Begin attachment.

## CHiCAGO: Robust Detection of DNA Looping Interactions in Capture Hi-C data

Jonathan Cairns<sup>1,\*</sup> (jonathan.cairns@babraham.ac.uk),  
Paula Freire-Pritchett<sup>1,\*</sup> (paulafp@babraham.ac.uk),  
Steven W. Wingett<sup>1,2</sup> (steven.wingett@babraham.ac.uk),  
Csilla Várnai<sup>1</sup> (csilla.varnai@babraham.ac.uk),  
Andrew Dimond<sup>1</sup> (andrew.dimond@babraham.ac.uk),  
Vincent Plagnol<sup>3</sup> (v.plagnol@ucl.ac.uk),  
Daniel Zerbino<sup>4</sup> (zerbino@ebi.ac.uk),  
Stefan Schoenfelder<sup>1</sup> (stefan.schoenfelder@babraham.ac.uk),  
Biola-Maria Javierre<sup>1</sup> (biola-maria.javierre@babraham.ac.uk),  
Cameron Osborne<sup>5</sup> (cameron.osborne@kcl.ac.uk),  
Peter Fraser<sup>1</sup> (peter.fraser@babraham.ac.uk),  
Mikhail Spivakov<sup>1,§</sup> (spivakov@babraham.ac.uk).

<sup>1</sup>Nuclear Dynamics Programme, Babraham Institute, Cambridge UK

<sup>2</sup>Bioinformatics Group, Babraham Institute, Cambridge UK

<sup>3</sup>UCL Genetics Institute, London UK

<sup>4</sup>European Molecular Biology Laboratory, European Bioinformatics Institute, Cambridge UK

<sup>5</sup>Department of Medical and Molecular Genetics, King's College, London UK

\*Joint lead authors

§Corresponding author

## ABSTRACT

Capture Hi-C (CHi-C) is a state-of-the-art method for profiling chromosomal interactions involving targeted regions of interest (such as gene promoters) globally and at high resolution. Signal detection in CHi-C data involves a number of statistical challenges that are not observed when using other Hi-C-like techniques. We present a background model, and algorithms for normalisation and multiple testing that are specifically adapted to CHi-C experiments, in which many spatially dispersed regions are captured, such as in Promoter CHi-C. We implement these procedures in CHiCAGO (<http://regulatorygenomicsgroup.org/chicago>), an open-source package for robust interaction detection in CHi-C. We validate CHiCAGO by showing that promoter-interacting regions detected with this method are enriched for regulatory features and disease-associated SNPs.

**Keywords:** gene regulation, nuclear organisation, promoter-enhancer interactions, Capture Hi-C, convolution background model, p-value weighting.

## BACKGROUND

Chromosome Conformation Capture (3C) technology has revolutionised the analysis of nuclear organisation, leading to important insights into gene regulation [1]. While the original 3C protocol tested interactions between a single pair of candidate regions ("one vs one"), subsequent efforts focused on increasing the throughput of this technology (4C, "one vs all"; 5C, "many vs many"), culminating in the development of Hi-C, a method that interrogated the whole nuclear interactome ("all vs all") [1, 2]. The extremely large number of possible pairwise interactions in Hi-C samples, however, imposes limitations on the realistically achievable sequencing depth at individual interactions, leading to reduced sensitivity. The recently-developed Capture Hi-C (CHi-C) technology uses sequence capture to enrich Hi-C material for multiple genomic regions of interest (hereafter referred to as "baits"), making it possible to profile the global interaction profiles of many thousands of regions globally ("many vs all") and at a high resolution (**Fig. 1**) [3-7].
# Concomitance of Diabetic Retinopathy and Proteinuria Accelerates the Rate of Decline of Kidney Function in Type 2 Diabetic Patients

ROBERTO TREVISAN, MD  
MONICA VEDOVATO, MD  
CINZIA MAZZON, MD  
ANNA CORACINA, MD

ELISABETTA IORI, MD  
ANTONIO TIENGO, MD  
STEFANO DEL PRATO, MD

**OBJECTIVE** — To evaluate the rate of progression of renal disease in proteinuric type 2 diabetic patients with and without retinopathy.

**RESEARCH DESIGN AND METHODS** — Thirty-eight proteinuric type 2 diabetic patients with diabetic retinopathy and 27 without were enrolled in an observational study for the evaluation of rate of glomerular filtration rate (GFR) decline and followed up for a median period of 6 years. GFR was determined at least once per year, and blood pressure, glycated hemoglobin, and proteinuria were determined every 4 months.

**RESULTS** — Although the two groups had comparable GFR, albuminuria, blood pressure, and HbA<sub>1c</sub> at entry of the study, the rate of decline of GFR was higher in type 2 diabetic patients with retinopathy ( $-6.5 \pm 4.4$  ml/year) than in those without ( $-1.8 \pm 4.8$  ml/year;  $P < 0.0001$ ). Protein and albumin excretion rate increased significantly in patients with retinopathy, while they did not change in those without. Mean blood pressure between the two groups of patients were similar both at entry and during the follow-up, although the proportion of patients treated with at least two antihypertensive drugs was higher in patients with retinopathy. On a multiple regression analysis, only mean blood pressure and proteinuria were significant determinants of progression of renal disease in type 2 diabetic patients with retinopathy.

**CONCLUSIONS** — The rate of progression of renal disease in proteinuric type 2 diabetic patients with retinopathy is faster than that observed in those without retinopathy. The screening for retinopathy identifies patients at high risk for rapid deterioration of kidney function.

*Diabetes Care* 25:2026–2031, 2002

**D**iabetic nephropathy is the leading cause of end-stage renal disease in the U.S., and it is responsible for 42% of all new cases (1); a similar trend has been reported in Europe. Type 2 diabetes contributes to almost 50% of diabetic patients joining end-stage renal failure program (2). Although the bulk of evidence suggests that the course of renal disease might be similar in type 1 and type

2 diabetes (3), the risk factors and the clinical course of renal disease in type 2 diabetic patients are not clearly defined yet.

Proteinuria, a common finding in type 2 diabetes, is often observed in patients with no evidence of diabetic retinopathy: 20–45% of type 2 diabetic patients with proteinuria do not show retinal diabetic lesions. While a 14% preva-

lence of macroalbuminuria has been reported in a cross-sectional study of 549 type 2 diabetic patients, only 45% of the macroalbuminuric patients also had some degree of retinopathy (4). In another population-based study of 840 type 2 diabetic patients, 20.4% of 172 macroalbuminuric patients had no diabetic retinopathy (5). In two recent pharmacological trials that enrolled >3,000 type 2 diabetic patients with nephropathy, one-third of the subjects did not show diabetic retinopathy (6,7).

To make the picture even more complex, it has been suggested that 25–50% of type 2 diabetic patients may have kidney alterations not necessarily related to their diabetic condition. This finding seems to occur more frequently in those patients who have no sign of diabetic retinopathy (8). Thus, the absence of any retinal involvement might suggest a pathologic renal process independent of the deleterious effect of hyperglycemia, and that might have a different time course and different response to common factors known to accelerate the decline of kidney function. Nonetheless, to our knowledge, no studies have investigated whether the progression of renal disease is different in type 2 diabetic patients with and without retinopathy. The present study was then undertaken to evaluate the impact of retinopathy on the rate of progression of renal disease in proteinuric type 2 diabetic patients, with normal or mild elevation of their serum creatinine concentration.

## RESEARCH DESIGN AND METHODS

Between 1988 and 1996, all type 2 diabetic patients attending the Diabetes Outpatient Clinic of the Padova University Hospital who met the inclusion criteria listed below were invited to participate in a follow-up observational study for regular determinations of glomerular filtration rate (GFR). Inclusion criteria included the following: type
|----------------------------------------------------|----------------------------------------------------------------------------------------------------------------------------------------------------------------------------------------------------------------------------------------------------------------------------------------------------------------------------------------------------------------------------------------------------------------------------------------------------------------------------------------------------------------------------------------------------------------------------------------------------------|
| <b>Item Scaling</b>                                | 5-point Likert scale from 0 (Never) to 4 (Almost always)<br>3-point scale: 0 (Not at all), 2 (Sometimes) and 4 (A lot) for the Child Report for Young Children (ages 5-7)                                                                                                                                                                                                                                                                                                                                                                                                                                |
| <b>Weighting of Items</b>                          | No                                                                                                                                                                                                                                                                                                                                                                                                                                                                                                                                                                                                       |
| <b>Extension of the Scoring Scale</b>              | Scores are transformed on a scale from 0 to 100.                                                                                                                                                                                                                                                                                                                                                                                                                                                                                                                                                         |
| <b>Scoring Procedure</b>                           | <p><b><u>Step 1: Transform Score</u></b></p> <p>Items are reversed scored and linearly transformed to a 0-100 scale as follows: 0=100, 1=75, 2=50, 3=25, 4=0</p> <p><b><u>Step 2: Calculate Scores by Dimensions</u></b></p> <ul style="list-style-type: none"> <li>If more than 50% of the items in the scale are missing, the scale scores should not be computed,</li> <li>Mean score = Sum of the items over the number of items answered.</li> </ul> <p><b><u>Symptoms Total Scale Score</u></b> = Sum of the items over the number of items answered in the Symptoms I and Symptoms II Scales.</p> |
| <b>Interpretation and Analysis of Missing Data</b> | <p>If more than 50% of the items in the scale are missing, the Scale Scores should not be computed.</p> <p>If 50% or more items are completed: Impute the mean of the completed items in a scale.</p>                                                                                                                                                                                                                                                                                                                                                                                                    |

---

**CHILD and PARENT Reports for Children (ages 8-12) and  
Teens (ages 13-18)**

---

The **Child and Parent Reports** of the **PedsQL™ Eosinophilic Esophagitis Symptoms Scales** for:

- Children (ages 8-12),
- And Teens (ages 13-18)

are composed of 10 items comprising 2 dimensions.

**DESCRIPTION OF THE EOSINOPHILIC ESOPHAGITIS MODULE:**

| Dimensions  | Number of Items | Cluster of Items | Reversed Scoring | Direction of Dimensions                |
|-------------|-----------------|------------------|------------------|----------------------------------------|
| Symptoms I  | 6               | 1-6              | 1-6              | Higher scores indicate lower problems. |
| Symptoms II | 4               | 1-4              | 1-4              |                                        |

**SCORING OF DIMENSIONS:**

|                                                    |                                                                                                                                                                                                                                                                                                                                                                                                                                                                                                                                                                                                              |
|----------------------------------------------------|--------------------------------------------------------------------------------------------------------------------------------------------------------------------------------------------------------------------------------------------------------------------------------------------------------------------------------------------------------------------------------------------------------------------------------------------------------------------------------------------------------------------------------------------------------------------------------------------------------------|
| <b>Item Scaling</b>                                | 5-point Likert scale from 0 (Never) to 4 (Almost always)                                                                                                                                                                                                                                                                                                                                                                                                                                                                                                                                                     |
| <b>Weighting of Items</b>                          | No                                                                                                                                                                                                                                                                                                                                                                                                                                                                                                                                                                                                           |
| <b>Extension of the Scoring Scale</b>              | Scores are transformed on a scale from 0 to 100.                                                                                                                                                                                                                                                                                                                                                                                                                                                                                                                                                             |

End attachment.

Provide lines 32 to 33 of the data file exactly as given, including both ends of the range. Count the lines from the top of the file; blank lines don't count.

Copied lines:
ANTONIO TIENGO, MD  
STEFANO DEL PRATO, MD